Zach Miller (zarfmouse) wrote,
Zach Miller

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So apparently it is national poetry month.

I've never been a huge poetry guy. I LOVE good poetry when it finds it's way to me but I never really sought it out. But when I was in high school I was always on the prowl for powerful things to scrawl on public places. I wanted the perfect quotes to write on bathroom walls or inside my textbooks or in the Babbel Books. They were little bits of anonymous enlightenment, runes to give the world of the bathroom stall meaning and beauty. Tolfink carved these runes on this stone.

I was obsessed for a while with a certain e.e. cummings poem. It is probably the only poem I've ever memorized. I could write it anywhere any time. I got it from a Babbel Book or a conversation with a friend or something. Someone else was inspired by it first. That's how inspiration was for me at that age, I kind of glommed on to other people's wonderment and got obsessed with it.





This was the first time I'd seen that the form/structure of words on paper, not just their syntax and semantics and implication and context, but their physical form, can have meaning and implication and provide context. It all maybe seems trivial now but it was a big deal when I was a Freshman in high school, so forgive me if I start talking about concepts in this poem that are simply obvious at first glance to you. (And apologies to duck2ducks if it was him that came up with some of these interpretations, I don't even remember the difference anymore between what I was taught about this poem and what I came up with on my own and what I read in a Babbel Book and whether you had anything to do with it or not.)

Basic text: "a leaf falls. loneliness." There's some action and there's a mood. There's a huge recurring pattern of ones. The entire poem looks like a numeral 1. The initial el ("l") in lonliness is replaced by a numeral one ("1"). The substring "one" in loneliness is made to stand out as is the second el (which has already been established as interchangable with the numeral). And finally there is 'iness'. Oneness or "I-ness". All those ones could be "I", ego, self. Is it interesting that the final "i" is lower case? A reduction of ego as "I" finds "oneness" with lonely nature? The parentheses show the sideways curve of the falling leaf twisting in the wind. The parenthetical phrase "(a leaf falls)" interupts the loneliness. I've seen this poem called "a leaf falls on loneliness" but I think it's more like "a leaf falls in loneliness". The falling leaf doesn't become lonely, it happens in the context of loneliness, interupting it, if only briefly. Does this create a transition from "loneliness" to "oneliness"? The leaf, which only falls in the autumn, a time of great change, provides the stark Zen "aha" moment of enlightenment: I am not alone. I am not separate from the leaf. Myself, my loneliness, and the falling leaf are all one. And the spacing is like breathing and air and wind. The fluttering leaf does not fall straight down, it lingers, wafts, drifts to the solid ground of "iness" (the longest and lowest string in the poem). As it falls the loneliness and the reader are breathing, waiting, and experiencing together.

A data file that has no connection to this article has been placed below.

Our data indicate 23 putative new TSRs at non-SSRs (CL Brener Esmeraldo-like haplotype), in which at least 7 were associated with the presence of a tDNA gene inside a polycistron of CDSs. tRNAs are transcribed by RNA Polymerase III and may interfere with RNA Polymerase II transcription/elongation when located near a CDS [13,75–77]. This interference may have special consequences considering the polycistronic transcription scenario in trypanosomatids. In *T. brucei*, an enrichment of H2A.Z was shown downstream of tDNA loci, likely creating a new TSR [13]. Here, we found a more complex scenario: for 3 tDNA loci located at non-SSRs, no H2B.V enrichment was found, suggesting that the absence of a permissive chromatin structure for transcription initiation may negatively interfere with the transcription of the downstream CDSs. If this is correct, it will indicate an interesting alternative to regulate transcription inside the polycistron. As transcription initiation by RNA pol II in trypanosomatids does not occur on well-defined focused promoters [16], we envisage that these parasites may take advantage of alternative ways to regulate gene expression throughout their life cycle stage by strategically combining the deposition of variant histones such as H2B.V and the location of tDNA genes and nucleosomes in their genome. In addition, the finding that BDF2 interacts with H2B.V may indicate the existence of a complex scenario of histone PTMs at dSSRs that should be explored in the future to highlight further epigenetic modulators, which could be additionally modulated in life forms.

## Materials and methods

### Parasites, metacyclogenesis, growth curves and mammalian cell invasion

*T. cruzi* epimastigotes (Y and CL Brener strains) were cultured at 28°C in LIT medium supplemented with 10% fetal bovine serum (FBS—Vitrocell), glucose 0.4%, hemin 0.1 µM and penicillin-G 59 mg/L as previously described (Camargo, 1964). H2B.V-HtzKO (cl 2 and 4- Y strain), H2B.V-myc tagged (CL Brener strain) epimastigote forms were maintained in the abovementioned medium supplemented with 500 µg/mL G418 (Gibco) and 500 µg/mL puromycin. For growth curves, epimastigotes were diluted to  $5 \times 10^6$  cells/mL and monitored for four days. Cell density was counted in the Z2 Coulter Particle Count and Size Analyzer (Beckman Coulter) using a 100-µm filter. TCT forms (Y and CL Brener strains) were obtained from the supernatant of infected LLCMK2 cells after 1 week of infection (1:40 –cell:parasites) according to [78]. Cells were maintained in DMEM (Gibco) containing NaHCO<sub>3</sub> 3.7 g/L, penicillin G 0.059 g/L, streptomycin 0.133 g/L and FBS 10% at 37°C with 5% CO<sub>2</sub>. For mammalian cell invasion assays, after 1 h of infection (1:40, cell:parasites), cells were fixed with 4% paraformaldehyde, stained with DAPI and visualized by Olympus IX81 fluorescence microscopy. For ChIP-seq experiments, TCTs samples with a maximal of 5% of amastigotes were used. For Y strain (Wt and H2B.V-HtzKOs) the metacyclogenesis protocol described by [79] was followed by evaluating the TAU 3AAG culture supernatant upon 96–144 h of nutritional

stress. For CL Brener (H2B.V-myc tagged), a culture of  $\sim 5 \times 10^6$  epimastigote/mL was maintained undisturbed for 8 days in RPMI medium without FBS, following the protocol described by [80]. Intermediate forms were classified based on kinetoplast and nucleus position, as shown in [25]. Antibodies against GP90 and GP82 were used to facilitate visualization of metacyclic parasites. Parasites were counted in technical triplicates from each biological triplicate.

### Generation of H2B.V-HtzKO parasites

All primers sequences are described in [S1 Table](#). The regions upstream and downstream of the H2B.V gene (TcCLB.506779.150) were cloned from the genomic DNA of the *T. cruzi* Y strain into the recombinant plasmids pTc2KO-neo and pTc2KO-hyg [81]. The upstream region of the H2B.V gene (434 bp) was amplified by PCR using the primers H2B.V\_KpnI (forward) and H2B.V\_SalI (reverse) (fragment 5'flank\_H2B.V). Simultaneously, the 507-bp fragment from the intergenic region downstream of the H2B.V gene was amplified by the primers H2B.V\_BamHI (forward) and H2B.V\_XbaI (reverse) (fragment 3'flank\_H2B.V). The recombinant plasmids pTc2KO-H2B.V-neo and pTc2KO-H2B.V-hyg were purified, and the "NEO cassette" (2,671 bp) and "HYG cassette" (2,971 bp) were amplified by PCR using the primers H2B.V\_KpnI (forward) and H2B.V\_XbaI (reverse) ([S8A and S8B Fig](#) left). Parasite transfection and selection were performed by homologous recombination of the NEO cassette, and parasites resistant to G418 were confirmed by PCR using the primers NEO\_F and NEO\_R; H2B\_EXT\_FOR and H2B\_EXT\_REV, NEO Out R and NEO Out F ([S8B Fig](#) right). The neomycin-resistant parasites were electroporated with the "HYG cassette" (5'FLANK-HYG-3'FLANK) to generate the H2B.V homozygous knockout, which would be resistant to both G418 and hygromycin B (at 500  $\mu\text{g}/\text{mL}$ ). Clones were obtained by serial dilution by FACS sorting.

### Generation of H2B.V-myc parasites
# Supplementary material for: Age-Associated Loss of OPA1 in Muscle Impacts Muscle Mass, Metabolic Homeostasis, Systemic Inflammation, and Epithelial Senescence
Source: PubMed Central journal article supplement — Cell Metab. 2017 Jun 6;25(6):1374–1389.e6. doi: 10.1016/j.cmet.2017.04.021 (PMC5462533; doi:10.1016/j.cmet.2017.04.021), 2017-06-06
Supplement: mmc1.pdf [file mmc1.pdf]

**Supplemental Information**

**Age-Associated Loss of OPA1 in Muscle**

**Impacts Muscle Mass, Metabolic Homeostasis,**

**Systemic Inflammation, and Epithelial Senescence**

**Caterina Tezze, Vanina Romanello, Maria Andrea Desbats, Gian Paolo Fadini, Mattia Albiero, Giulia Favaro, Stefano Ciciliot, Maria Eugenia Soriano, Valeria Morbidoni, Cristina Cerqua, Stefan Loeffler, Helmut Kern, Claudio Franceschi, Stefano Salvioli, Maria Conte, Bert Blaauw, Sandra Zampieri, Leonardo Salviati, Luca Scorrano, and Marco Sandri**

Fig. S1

It was the perfect poem for the transition between 8th grade and high school. In 8th grade I was very depressed about being very alone. I didn't really have identity yet in 8th grade. I started forming that with the Babbel crowd. Initially the "angstiness" of this poem's solitude (not to mention the falling...falling is bad, like death, right?) was what attracted me to it. It wasn't until I started to find some basic meaning for myself that I started to see the poem not as angsty but as describing a sort of transcendental enlightenment moment in nature (the leaf may fall, but that's part of a larger change that ultimately represents growth).

Thinking about the poem now, I am geekily reminded of my favorite construction from Mathematics. Assume that there is nothing that we know about but the empty set. Assume that there is nothing but nothingness in the universe, "0". Well how many concepts are there in the universe are there then? There is 1: the concept of nothingness. So now you have "1". So how many things do you have, well you have "nothingness" and you have "1". That's 2 things. So now you have "2". And so on. So by simply assuming the existence of nothingness you have the existence of an infinite number of "counting numbers". Once you've got counting numbers you've got negative numbers and fractions and ultimately you even have the real numbers. Infinity is a lot more than 0. The number of real numbers is a lot more than the infinite number of counting numbers. That's a lot of stuff packed into a little lonely bit of nothingness. Interestingly with as many more real numbers as there are than counting numbers (a whole lot!) we only have names and a special use for about 2 of the trancendental real numbers (the part of the real numbers that can't be assigned to counting numbers), pi and e. Huh. There sure is a lot we don't comprehend, even though we contain it all within ourselves, simply by containing nothing.

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